Gridsome makes use of GraphQL to get data from different sources, then dynamically generates pages.

There are a few useful features that Gridsome provides out of the box. Gridsome works well on top of JAMStack. Like most static site generators, it supports Markdown and headless CMS. The final product is a folder containing static HTML files that you can deploy anywhere. You can put it in the /public_html folder on your server or deploy it to a CDN.

Gridsome also provides automatic routing. The Vue components that you create in the /src/pages folder are automatically mapped to a new page with vue-router without you having to do anything. For example, if you want to create an “About” page for your blog, all you have to do is create a new file called /src/pages/About.vue and you automatically have an http://localhost:8080/about page on your website. This is very similar to how Nuxt and Gatsby work; they have a defined folder where components are mapped to pages in the router, so you don’t need to configure them.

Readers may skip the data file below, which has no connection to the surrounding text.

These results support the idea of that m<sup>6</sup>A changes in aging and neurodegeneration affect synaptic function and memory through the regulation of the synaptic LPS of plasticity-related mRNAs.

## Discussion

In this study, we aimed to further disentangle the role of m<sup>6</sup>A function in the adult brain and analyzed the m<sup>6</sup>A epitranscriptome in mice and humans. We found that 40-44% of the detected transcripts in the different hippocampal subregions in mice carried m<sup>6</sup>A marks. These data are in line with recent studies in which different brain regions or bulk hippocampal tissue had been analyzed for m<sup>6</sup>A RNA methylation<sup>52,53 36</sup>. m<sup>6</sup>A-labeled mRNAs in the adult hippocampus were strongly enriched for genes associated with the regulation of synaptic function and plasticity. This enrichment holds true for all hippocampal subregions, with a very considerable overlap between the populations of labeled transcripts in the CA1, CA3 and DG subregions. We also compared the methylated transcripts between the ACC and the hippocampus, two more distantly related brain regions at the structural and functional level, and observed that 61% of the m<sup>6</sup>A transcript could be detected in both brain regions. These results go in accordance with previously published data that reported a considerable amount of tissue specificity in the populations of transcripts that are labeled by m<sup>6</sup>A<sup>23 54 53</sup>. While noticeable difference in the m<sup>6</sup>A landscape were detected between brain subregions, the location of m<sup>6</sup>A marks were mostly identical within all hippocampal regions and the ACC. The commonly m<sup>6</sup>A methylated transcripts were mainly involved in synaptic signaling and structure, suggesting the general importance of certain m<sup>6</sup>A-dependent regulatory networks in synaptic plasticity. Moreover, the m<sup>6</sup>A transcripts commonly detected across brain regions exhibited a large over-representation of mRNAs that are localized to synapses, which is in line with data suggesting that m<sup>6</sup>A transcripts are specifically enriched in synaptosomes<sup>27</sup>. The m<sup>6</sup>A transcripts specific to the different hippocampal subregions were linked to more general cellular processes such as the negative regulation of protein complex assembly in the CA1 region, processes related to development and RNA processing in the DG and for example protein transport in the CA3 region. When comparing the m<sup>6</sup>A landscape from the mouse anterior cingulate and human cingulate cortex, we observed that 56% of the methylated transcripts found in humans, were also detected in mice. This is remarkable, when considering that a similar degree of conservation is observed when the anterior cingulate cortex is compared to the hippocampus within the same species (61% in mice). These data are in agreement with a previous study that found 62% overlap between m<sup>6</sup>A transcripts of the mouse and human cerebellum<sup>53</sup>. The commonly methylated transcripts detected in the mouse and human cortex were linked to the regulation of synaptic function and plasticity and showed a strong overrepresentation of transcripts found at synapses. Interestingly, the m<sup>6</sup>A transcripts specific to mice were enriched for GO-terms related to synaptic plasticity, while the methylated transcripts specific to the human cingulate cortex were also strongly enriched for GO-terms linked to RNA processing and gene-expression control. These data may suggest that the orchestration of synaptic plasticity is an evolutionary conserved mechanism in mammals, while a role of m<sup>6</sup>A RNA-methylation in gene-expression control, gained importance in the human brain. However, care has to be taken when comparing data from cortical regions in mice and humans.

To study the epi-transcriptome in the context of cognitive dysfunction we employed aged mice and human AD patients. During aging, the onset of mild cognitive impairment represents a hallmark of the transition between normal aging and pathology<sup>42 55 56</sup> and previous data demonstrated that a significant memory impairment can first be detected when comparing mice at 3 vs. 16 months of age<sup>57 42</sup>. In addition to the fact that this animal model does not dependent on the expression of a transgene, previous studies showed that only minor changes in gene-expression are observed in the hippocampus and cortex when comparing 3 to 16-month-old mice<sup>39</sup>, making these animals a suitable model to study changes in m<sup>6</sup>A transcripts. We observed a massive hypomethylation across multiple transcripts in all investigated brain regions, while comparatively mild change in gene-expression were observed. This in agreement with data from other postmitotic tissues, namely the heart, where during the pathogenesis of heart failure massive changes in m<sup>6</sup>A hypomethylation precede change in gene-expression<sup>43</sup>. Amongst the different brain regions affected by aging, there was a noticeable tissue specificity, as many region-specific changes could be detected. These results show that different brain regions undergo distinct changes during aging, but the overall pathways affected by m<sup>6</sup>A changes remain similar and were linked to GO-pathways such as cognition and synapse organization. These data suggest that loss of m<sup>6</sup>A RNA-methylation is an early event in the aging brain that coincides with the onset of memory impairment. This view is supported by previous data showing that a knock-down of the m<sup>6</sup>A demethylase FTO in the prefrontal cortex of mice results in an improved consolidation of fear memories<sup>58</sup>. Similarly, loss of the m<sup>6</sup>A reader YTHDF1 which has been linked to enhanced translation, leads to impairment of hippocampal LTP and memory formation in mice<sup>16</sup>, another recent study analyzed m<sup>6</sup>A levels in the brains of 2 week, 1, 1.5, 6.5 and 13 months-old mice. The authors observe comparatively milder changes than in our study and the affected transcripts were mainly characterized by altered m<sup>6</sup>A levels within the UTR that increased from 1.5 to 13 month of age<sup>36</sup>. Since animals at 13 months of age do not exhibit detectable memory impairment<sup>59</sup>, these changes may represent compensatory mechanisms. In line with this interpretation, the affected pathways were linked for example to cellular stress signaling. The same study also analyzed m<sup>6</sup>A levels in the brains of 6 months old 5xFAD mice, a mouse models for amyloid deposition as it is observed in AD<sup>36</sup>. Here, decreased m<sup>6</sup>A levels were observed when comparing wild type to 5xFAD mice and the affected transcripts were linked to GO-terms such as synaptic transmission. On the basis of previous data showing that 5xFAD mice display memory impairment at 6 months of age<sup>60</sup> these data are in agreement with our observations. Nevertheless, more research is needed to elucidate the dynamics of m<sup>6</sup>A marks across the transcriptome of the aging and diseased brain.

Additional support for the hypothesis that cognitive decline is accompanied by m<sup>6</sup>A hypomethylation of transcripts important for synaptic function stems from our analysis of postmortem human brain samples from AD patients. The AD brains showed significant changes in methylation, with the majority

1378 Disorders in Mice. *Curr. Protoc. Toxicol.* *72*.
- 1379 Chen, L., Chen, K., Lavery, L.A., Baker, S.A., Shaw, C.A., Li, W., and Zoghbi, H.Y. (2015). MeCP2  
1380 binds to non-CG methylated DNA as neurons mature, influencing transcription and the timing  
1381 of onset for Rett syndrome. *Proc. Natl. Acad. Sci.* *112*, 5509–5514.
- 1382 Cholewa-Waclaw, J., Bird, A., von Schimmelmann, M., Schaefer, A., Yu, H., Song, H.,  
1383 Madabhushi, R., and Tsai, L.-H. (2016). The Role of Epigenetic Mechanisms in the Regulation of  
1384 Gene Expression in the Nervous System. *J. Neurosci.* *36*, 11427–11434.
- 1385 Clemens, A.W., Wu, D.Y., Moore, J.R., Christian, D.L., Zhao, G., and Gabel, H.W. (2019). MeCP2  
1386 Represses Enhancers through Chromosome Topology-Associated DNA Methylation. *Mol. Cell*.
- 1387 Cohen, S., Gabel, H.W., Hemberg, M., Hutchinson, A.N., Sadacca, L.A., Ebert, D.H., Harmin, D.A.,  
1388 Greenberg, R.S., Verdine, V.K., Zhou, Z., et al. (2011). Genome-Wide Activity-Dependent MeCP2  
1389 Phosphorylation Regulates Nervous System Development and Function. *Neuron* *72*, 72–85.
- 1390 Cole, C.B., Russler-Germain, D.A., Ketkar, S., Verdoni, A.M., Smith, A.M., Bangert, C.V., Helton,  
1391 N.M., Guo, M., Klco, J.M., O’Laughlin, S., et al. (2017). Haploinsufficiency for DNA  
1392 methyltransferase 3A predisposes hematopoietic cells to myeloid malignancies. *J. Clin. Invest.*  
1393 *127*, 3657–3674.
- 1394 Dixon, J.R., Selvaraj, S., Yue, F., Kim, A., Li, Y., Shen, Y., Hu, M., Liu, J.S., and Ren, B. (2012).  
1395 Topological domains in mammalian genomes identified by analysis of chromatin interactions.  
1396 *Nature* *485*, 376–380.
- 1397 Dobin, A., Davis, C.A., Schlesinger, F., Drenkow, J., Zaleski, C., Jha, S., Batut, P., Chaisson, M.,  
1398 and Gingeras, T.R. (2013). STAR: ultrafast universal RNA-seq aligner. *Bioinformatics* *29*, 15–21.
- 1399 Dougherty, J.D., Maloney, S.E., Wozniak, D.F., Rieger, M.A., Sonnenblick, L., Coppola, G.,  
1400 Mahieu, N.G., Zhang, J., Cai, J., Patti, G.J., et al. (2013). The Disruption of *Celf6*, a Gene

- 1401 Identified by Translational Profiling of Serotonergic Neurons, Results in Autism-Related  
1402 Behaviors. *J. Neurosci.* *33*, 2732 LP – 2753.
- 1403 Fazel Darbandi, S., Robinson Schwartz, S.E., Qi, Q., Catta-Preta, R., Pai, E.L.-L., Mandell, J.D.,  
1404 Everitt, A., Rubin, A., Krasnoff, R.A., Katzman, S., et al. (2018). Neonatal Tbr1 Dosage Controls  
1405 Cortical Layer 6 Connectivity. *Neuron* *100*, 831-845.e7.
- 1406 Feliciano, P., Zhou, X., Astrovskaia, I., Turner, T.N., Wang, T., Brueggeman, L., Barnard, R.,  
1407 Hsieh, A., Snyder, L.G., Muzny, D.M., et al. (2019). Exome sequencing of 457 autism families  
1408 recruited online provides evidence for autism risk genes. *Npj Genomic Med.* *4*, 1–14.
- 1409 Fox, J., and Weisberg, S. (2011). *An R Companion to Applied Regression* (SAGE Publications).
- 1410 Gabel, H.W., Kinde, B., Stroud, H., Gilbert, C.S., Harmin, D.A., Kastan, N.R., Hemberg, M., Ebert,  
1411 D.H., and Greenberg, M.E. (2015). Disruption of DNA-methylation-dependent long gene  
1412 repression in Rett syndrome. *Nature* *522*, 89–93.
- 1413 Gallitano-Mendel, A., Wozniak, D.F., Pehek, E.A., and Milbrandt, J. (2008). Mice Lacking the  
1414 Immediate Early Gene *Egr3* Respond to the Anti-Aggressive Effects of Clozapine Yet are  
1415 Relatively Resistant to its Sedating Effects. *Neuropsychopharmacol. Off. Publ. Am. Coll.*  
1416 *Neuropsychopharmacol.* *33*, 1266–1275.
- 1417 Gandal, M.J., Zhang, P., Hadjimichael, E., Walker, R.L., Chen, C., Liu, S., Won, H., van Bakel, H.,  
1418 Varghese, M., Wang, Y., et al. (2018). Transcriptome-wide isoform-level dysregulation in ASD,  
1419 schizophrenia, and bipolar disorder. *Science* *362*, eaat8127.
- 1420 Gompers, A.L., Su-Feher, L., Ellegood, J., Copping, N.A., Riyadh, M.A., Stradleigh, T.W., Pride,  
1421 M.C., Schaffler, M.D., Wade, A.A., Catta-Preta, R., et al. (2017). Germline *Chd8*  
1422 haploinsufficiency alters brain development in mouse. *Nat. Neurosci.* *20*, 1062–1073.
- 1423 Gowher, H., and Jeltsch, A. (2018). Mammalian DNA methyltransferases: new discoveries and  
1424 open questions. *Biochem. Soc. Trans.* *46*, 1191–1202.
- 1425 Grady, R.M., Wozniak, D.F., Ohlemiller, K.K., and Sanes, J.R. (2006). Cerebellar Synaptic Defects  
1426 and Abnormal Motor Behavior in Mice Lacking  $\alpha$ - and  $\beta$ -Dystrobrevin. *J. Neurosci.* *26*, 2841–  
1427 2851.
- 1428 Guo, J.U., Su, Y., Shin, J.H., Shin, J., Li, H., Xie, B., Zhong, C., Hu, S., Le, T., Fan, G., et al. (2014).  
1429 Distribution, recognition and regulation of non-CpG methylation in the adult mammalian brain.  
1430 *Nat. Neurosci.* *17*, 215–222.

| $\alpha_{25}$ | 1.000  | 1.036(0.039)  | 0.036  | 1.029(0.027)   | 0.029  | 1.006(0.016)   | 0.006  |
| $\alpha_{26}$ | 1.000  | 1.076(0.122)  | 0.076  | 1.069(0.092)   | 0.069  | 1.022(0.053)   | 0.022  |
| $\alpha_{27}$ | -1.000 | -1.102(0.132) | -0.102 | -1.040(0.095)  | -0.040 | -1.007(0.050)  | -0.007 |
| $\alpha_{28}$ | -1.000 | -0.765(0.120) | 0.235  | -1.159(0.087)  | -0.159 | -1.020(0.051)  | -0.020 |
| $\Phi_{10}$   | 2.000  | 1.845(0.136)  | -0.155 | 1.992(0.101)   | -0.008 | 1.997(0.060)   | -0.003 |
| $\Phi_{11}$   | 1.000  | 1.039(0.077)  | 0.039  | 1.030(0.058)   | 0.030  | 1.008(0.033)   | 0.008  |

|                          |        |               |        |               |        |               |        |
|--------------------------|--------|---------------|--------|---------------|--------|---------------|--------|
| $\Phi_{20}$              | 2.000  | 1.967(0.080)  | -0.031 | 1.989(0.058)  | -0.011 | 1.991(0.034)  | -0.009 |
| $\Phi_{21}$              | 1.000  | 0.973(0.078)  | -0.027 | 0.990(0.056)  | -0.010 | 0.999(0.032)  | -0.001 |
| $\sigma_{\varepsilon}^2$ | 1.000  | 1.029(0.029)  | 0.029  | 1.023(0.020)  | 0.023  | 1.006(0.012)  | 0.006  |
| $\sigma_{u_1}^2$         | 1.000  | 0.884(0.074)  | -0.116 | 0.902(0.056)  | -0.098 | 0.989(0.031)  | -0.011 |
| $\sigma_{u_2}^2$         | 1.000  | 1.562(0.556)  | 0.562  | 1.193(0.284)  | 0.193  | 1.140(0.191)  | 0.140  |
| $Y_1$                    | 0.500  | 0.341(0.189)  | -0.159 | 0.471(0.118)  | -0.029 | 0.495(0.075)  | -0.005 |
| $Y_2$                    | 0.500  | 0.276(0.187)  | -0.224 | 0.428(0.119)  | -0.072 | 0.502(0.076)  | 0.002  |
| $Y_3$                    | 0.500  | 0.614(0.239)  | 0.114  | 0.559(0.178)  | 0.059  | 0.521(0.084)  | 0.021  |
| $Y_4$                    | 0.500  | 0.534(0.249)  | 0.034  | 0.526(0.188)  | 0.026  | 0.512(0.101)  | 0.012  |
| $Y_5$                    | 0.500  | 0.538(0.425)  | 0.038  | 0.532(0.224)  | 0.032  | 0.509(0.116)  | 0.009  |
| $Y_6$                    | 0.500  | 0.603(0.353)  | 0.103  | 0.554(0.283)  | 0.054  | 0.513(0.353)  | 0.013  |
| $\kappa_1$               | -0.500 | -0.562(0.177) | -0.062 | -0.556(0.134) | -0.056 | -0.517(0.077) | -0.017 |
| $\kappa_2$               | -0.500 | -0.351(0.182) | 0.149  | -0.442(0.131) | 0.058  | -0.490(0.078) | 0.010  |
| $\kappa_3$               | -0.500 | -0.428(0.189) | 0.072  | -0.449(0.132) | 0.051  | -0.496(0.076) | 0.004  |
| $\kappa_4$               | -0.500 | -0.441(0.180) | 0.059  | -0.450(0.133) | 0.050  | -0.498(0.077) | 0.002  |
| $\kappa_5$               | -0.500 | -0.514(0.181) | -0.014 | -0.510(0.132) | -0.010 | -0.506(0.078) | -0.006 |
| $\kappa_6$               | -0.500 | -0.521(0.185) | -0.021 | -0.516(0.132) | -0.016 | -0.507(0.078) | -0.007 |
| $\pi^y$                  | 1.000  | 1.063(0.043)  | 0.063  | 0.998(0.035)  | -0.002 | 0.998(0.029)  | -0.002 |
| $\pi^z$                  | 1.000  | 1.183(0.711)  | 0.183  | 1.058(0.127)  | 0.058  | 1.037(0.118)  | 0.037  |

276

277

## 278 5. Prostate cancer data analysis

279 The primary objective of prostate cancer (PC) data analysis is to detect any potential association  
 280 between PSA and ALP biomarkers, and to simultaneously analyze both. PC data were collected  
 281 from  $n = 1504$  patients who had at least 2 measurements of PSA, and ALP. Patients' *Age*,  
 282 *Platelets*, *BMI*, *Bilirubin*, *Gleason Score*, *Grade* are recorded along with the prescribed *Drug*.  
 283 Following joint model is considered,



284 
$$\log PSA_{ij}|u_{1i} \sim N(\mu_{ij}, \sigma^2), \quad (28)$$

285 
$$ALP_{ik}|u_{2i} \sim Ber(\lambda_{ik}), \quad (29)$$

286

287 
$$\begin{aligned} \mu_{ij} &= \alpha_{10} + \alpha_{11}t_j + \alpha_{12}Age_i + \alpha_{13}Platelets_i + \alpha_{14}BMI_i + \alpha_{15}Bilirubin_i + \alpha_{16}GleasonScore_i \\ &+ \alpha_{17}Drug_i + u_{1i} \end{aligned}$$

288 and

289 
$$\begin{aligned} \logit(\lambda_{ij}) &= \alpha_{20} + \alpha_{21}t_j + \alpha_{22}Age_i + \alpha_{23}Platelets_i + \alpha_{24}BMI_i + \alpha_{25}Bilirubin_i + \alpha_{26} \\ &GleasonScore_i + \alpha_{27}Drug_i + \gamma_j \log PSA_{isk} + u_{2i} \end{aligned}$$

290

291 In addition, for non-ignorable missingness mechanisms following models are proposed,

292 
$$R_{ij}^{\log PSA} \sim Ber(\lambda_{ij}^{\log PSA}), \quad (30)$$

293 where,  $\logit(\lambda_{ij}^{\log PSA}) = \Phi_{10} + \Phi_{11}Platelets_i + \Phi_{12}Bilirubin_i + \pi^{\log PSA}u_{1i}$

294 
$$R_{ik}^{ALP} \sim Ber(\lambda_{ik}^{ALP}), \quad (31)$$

Additionally, Gridsome provides code-splitting and asset optimization. In Vue apps, when you create an internal link to another page, you use <router-link>. With Gridsome, you use <g-link> instead. It uses the same parameters with which you are probably familiar, but in addition, it provides in-viewport prefetching of pages in the background by prefetching assets and pages referenced as links in the current view. You need to approach this feature cautiously as it might create a performance overhead for users loading pages and assets that they will never actually use, but it can speed up the experience for simple pages.